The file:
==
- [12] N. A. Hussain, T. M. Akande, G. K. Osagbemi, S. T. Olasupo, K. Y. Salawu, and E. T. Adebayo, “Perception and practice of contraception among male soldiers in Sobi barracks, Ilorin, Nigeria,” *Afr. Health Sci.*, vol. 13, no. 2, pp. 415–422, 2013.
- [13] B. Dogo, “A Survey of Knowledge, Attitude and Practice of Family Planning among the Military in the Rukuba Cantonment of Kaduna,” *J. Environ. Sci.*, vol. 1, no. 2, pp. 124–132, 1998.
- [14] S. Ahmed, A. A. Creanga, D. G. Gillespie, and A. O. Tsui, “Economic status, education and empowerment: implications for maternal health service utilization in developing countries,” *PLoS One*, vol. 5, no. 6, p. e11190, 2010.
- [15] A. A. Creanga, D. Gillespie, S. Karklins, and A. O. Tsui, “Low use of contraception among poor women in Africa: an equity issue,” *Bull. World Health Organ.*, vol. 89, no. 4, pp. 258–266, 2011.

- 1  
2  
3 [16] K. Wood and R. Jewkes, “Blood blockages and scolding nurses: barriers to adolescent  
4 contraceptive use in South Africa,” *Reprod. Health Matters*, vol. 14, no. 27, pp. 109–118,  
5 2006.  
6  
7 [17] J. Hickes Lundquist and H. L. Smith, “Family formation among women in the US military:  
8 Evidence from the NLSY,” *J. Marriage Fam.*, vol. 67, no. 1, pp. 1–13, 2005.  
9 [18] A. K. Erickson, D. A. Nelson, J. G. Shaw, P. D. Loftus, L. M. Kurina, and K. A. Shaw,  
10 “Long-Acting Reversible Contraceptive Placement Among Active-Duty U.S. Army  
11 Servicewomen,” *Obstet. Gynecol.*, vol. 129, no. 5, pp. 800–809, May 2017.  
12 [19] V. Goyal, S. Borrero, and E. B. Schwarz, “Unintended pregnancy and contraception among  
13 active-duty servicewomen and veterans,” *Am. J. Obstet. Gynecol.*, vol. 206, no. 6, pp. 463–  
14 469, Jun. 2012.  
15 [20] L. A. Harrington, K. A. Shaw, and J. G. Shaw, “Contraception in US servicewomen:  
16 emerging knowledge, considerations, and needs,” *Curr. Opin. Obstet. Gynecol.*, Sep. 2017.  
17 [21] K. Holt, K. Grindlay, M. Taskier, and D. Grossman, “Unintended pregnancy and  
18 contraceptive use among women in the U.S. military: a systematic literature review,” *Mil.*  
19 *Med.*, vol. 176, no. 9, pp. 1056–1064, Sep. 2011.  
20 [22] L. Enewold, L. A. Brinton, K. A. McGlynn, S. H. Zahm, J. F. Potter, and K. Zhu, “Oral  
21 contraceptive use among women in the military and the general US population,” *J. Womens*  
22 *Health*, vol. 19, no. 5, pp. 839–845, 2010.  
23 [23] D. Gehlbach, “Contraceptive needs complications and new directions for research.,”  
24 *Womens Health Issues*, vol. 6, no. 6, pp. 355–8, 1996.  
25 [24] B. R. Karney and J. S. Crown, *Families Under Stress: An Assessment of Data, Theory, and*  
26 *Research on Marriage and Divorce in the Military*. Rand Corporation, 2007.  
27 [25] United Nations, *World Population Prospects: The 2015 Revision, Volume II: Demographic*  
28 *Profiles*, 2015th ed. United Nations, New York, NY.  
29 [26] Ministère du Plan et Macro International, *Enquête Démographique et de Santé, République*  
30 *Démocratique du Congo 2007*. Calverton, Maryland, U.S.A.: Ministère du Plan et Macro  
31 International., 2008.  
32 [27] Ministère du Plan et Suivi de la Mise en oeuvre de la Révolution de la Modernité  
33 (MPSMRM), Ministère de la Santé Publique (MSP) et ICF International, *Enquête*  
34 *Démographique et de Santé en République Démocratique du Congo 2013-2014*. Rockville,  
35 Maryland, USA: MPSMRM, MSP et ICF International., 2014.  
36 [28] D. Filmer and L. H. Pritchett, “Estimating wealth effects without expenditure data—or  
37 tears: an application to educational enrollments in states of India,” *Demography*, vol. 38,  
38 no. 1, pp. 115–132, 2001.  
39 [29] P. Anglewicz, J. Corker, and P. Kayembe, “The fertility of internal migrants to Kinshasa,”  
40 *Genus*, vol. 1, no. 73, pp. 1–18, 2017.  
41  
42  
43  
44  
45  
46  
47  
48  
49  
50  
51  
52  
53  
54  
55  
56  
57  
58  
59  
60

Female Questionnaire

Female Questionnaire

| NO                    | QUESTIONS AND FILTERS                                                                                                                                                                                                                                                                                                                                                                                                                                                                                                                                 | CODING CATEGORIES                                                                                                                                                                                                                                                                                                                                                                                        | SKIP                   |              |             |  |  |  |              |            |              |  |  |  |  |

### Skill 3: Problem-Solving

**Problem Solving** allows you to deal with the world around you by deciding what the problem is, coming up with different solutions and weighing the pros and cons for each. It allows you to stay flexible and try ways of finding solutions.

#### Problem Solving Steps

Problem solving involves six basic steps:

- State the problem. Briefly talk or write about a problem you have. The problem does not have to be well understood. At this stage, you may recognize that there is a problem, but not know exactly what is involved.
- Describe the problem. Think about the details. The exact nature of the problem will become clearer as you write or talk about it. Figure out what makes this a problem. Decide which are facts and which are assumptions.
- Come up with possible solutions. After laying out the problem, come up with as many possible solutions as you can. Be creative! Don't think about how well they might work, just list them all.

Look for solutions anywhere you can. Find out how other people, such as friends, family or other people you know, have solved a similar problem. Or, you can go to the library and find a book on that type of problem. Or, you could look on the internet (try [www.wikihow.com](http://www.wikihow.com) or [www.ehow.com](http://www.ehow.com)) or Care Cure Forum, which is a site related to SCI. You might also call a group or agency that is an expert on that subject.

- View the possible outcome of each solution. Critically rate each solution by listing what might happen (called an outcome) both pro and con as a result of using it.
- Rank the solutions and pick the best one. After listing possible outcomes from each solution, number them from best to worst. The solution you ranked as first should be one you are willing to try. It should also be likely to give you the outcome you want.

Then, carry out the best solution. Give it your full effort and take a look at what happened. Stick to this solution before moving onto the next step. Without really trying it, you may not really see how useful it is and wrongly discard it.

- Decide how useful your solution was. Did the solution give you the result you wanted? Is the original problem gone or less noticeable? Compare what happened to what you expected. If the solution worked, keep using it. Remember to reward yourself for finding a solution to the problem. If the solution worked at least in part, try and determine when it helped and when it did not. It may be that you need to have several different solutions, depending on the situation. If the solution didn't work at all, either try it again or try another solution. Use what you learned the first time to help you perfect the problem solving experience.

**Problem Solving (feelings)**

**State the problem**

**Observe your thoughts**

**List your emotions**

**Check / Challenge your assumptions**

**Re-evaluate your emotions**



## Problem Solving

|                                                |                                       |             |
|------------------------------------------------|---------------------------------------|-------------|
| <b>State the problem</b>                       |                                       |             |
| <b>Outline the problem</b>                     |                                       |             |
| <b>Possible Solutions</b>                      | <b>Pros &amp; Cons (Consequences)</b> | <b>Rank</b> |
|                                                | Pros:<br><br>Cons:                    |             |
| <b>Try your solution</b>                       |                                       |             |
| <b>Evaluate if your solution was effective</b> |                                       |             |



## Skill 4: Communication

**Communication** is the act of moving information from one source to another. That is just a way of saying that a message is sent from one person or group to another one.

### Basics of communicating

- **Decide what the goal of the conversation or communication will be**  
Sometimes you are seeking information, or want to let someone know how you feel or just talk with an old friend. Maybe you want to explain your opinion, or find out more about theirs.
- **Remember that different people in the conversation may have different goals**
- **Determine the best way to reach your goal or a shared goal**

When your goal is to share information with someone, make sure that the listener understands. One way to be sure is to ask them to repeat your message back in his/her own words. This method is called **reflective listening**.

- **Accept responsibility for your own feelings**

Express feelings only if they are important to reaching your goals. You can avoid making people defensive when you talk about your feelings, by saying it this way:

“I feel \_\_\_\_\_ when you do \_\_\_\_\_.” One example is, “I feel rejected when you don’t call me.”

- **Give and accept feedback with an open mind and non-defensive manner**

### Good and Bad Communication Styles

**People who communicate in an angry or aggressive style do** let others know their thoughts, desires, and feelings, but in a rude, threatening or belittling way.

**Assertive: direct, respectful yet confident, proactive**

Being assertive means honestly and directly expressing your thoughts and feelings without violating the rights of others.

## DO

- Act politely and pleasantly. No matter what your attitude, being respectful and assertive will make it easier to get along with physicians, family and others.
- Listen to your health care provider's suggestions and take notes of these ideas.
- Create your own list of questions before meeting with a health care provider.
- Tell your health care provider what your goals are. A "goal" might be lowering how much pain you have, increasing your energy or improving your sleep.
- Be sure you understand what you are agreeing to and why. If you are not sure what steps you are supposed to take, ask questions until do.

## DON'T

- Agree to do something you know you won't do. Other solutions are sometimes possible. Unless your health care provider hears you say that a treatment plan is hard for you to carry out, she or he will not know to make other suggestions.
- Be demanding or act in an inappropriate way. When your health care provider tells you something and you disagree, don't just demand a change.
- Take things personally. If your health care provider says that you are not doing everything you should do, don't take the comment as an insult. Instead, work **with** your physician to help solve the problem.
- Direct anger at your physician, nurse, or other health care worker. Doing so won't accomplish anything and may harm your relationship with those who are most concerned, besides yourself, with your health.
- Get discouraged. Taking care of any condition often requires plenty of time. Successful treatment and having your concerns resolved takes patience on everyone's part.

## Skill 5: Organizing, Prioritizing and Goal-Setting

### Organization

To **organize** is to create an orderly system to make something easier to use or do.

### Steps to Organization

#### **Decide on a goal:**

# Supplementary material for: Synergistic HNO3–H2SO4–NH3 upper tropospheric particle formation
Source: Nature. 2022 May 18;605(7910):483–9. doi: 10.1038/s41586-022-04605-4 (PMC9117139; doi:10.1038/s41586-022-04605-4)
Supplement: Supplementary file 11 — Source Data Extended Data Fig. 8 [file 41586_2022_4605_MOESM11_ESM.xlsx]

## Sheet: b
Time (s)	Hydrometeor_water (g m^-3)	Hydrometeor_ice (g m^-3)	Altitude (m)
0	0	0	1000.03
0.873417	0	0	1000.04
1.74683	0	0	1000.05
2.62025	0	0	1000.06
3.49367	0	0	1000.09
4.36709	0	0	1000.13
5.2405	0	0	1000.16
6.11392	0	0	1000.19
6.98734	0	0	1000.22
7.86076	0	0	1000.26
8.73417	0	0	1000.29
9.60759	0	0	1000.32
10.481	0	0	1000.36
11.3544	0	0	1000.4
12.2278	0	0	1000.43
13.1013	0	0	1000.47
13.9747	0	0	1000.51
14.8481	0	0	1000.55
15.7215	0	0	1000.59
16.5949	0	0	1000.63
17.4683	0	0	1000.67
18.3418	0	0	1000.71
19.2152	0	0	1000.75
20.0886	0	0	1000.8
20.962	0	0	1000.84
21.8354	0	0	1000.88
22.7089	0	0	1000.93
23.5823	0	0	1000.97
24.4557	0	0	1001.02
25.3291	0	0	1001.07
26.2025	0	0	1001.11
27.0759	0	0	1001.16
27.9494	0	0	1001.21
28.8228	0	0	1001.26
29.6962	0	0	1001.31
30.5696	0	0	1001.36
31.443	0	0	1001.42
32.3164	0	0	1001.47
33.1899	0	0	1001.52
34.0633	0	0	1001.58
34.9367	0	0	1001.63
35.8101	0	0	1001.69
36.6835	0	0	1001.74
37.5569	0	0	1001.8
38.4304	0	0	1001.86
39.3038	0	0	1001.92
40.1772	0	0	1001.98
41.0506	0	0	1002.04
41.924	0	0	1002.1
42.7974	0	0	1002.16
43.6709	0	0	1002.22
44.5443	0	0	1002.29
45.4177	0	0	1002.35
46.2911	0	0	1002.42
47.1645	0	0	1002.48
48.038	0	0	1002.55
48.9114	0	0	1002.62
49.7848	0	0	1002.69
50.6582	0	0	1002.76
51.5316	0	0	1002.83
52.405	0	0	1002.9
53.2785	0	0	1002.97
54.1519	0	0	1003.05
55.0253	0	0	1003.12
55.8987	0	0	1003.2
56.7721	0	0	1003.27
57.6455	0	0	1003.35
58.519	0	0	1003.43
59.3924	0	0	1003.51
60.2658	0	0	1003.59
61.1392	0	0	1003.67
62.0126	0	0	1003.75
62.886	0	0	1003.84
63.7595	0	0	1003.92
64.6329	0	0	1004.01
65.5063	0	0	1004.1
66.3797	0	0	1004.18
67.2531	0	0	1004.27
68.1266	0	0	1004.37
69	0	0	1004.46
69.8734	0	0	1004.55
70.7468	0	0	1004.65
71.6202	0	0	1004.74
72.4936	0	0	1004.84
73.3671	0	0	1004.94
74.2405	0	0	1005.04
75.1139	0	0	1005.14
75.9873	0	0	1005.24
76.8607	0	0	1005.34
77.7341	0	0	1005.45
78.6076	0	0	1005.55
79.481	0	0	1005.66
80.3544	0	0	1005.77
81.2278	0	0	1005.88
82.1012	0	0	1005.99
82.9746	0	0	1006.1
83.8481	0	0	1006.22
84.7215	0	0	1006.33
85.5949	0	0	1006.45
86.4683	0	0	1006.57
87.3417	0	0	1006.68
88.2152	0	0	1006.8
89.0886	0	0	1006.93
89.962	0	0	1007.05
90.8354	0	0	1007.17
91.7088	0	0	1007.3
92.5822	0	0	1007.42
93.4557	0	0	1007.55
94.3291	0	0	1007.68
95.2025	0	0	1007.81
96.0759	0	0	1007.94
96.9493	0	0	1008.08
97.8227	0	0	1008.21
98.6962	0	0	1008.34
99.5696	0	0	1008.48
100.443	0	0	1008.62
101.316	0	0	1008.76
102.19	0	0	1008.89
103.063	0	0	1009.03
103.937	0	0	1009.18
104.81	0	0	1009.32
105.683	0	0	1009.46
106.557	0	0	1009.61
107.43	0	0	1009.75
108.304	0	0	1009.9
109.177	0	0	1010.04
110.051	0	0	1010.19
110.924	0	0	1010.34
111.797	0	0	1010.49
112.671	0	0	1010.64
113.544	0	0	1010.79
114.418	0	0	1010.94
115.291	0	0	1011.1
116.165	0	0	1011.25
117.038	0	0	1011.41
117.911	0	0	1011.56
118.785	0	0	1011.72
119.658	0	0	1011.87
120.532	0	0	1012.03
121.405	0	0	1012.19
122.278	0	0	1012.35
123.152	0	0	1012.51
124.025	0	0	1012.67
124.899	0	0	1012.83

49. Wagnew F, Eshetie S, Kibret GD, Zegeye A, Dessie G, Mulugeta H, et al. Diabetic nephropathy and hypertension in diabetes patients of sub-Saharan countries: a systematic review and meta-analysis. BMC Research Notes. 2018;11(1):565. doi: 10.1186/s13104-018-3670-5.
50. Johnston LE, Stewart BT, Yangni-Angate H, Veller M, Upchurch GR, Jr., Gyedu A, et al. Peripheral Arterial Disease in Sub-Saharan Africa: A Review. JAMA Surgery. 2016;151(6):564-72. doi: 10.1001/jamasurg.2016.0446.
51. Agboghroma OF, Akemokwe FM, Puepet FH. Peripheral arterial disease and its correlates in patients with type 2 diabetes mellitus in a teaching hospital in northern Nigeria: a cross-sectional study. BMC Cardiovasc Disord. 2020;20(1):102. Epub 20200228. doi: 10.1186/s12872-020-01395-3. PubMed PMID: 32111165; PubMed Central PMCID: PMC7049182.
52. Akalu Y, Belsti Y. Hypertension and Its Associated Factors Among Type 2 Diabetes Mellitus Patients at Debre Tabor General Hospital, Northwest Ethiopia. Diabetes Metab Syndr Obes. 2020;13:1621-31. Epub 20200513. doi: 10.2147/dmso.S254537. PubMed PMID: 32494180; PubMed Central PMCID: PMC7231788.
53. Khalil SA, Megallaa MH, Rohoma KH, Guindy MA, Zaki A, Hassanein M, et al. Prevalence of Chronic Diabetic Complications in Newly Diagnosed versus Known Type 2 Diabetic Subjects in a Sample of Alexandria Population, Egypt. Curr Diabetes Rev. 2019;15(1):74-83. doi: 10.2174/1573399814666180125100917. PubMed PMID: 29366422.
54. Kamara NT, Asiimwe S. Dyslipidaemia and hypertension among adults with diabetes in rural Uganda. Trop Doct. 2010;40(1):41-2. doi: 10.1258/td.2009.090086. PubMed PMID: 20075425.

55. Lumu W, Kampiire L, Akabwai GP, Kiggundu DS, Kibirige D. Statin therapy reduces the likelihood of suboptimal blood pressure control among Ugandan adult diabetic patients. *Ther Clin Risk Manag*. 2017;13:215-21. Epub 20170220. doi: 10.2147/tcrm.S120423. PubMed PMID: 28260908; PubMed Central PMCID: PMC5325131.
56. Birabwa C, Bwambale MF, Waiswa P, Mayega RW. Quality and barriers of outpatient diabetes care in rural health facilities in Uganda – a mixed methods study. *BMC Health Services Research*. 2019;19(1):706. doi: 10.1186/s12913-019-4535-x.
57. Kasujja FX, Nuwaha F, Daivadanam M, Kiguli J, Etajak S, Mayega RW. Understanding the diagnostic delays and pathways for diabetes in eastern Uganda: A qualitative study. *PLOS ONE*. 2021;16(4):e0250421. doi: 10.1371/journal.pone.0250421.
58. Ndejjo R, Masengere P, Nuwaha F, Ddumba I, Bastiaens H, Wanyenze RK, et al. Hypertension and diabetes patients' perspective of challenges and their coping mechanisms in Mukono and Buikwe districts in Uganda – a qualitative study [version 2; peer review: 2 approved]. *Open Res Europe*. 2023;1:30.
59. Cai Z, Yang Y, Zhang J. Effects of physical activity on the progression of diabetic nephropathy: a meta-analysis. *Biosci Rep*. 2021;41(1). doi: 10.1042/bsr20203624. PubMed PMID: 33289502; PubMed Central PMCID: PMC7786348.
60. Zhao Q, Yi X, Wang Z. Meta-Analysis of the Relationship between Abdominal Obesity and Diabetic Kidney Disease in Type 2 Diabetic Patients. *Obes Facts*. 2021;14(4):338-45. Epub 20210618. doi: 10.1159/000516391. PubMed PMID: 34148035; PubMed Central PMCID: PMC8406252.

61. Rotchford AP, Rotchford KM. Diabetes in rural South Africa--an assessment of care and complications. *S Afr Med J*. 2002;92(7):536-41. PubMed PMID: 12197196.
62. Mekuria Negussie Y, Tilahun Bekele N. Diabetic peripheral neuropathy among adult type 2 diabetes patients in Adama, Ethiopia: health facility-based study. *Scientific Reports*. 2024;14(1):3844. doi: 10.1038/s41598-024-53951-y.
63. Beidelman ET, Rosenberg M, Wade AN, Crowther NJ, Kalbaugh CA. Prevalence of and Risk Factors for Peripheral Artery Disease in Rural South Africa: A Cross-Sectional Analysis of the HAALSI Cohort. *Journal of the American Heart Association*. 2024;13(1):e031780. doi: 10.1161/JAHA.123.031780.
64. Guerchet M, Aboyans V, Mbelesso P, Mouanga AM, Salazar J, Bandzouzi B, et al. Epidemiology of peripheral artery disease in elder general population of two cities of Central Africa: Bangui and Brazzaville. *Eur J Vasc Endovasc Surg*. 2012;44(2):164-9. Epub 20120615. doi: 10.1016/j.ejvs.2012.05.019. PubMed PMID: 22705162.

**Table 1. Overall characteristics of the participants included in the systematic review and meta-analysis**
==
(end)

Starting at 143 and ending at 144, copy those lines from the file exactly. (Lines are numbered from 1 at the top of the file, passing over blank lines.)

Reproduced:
8.73417	0	0	1000.29
9.60759	0	0	1000.32